It was then that we first saw the traditional markers of the brass scallop shells in the pavement. In Gijon, and in the Asturias Region of Spain in general, the edge of the shell always points towards Santiago de Compestela. (That changed abruptly mid-trip, which cause a bit of initial confusion.)
We walked and walked, and walked some more. Pilgrims on the way. People said “Buen Camino!” The sun rose gently and smiled upon us. We saw a few other pilgrims and let forth a hardy “Buen Camino!” as well.
The time passed gradually, and we walked on and on. The sun rose ever higher in the sky, and started to be a bit hot. I drank all of my water, got sweaty, and felt a bit faint. I ate a chocolate bar, found some more water at a local tienda, and rested a bit. Life was still good. We were already in Aviles, after all, having walked about 17 miles.
Aviles is a beautiful medieval town, with streets of marble. Many peregrinos stay there; sensibly so. But we were out for mileage. Fr. Jimmy wanted to walk to a little town a bit farther on, San Juan de la Arena, and I fully agreed. And so we went, walking along the beautifully marbled streets of Aviles.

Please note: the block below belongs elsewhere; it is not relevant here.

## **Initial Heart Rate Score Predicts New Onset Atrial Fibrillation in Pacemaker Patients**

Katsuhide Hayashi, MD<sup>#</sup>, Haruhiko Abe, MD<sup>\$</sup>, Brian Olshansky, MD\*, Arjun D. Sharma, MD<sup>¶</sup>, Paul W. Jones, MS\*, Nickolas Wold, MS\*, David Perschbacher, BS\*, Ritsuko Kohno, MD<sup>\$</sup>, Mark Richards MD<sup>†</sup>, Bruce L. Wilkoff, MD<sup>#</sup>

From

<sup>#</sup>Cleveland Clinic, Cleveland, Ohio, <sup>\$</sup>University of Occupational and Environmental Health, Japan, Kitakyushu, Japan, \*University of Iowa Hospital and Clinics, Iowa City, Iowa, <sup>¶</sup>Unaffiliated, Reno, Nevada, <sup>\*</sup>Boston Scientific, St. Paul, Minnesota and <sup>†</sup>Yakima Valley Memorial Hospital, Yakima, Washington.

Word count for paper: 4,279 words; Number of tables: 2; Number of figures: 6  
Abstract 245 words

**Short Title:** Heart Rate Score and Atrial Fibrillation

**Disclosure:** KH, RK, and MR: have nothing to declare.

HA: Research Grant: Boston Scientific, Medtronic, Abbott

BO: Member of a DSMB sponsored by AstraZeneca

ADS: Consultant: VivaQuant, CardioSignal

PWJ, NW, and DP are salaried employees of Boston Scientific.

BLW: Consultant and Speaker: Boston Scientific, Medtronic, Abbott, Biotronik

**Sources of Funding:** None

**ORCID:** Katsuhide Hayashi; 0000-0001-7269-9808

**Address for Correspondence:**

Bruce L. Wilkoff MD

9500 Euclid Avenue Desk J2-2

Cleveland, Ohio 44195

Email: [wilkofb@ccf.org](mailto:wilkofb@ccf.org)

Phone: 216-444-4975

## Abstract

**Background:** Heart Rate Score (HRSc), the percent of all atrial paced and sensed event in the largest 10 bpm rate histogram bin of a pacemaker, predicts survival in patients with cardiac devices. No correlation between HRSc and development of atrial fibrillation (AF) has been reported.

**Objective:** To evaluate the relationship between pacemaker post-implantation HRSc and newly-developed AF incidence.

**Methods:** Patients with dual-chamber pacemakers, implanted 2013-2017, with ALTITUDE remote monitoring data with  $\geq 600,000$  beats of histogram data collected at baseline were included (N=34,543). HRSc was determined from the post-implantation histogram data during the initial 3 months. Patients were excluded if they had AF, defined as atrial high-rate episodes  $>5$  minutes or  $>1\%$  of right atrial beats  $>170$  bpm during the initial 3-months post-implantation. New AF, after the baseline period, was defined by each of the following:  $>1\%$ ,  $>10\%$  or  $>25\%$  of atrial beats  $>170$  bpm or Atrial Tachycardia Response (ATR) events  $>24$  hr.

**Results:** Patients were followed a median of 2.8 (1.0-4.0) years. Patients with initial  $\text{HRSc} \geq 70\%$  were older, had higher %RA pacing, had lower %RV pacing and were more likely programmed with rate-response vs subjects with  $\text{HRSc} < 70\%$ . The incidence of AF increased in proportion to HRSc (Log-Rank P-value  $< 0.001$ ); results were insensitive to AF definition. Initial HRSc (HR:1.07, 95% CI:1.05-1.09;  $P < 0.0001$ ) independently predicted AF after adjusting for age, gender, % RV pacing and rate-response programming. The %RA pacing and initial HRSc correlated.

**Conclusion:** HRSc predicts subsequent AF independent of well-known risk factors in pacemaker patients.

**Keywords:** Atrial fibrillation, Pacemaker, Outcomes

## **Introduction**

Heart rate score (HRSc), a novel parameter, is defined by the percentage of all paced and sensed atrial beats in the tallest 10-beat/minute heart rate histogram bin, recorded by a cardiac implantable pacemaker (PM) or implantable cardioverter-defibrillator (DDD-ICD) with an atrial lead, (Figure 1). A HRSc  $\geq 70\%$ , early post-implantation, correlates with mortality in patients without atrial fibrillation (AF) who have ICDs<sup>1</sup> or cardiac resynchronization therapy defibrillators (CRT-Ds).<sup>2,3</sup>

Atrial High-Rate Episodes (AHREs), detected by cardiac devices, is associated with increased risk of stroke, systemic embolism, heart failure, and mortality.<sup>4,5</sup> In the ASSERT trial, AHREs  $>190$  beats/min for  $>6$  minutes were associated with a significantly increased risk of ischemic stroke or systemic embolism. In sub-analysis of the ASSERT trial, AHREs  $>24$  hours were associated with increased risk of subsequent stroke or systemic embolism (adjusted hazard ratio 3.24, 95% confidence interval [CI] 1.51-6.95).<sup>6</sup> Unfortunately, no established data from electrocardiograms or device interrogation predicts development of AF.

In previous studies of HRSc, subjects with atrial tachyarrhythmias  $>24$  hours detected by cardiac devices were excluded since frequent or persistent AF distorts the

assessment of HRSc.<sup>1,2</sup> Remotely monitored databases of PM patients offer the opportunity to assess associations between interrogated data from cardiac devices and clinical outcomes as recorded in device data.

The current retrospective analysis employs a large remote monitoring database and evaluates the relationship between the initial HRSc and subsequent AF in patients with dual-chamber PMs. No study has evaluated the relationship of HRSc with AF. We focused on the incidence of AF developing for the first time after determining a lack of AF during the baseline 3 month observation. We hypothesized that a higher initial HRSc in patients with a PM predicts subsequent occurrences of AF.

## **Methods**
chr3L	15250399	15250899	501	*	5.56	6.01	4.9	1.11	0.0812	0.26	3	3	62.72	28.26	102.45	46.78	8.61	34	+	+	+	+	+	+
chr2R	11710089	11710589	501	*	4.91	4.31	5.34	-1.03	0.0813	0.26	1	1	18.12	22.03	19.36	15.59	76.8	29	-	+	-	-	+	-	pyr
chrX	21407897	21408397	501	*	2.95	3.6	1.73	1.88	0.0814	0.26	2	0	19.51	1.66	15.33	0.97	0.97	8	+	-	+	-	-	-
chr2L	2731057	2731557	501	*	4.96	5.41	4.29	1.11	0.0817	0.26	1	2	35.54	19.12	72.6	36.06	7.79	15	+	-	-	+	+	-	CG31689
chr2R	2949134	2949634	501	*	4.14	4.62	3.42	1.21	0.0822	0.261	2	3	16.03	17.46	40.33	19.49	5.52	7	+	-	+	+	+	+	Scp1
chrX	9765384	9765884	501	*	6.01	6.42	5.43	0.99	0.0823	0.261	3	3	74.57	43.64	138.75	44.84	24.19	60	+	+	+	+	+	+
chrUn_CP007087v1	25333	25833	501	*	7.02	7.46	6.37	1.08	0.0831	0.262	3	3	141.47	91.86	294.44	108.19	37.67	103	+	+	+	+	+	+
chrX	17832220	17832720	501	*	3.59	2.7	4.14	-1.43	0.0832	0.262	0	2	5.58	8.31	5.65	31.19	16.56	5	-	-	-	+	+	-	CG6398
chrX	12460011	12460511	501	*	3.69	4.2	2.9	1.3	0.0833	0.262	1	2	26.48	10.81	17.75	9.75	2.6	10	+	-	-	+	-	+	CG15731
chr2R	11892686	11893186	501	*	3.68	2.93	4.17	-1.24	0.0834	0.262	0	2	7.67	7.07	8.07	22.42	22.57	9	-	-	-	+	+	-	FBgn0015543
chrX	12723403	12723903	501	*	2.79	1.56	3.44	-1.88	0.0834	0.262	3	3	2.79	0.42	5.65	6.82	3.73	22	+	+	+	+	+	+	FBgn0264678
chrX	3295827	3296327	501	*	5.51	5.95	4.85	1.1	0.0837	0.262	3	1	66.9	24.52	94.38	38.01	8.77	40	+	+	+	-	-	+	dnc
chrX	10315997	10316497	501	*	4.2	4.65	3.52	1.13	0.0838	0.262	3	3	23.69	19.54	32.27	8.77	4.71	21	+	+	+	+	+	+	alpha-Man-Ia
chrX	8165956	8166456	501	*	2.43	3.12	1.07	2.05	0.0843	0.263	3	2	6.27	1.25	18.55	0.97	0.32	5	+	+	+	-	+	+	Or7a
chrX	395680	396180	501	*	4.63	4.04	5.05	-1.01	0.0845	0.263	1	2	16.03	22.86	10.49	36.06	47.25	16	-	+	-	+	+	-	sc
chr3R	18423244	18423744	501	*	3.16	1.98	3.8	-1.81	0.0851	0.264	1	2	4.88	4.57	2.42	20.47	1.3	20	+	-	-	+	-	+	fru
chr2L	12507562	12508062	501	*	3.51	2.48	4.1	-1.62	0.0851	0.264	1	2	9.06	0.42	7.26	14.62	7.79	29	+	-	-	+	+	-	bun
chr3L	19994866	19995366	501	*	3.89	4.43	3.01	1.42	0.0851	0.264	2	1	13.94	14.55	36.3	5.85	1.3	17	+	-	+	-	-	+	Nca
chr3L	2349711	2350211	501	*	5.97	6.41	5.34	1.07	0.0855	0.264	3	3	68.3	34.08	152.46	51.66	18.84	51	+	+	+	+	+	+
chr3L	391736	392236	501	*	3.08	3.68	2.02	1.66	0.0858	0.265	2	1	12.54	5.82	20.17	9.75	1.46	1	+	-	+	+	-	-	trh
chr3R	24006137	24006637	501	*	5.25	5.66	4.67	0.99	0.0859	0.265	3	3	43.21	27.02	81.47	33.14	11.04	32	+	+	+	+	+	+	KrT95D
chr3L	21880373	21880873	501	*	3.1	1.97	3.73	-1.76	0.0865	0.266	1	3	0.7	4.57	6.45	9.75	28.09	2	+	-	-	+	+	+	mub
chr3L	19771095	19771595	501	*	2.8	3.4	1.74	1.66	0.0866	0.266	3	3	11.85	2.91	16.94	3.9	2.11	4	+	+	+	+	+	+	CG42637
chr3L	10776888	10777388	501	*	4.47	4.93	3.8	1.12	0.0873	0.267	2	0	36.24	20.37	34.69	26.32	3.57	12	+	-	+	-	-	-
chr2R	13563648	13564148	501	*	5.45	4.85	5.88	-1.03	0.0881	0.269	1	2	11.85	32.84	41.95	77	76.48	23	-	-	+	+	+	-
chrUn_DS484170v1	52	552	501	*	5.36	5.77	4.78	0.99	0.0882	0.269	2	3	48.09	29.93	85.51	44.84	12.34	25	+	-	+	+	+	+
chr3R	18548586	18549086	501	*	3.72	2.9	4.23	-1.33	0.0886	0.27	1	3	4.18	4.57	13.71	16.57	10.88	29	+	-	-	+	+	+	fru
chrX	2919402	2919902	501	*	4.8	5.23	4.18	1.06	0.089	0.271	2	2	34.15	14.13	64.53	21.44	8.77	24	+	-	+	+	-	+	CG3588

It was walking out of town that we got separated, and then I got lost. I remember exactly where it was. Fr. Jimmy was ahead a few blocks, and I didn’t see the shell which was in the wall along one street. The shells were no longer in the pavement, but had transferred to the walls. At this intersection, for the life of me, I did not see it. But I did see a yellow arrow (another common marker) which led down a different street.
After a good two miles I knew in my soul that I was lost in Spain.
I backtracked and eventually found the trail. I walked through some woods, then some more woods, then some more. There was never any water, and the time stretched on from two, to three, to four, to five, to six pm. Soon it was eight pm. I never passed through a village, never saw a store, never saw a water faucet which was not behind an impressive set of locked gates.
While I was relieved and thankful that walking comes so naturally to the human body, by 9PM I was tired. And so thirsty. I had been scanning the woods, eyeing possible places to camp for the night, but I needed water first. I also needed to get in touch with Fr. Jimmy; my phone was not yet working in Spain yet. And after all, the sun was still up.
I wasn’t quite desperate yet, but I determined finally, that if I saw a hose, a faucet, anything… I was going for it. Jesus I trust in you! If I saw someone I would beg for water. Over and over in my mind I rehearsed a simple Spanish phrase: “Senor/Senora, Por favor, necessito agua.”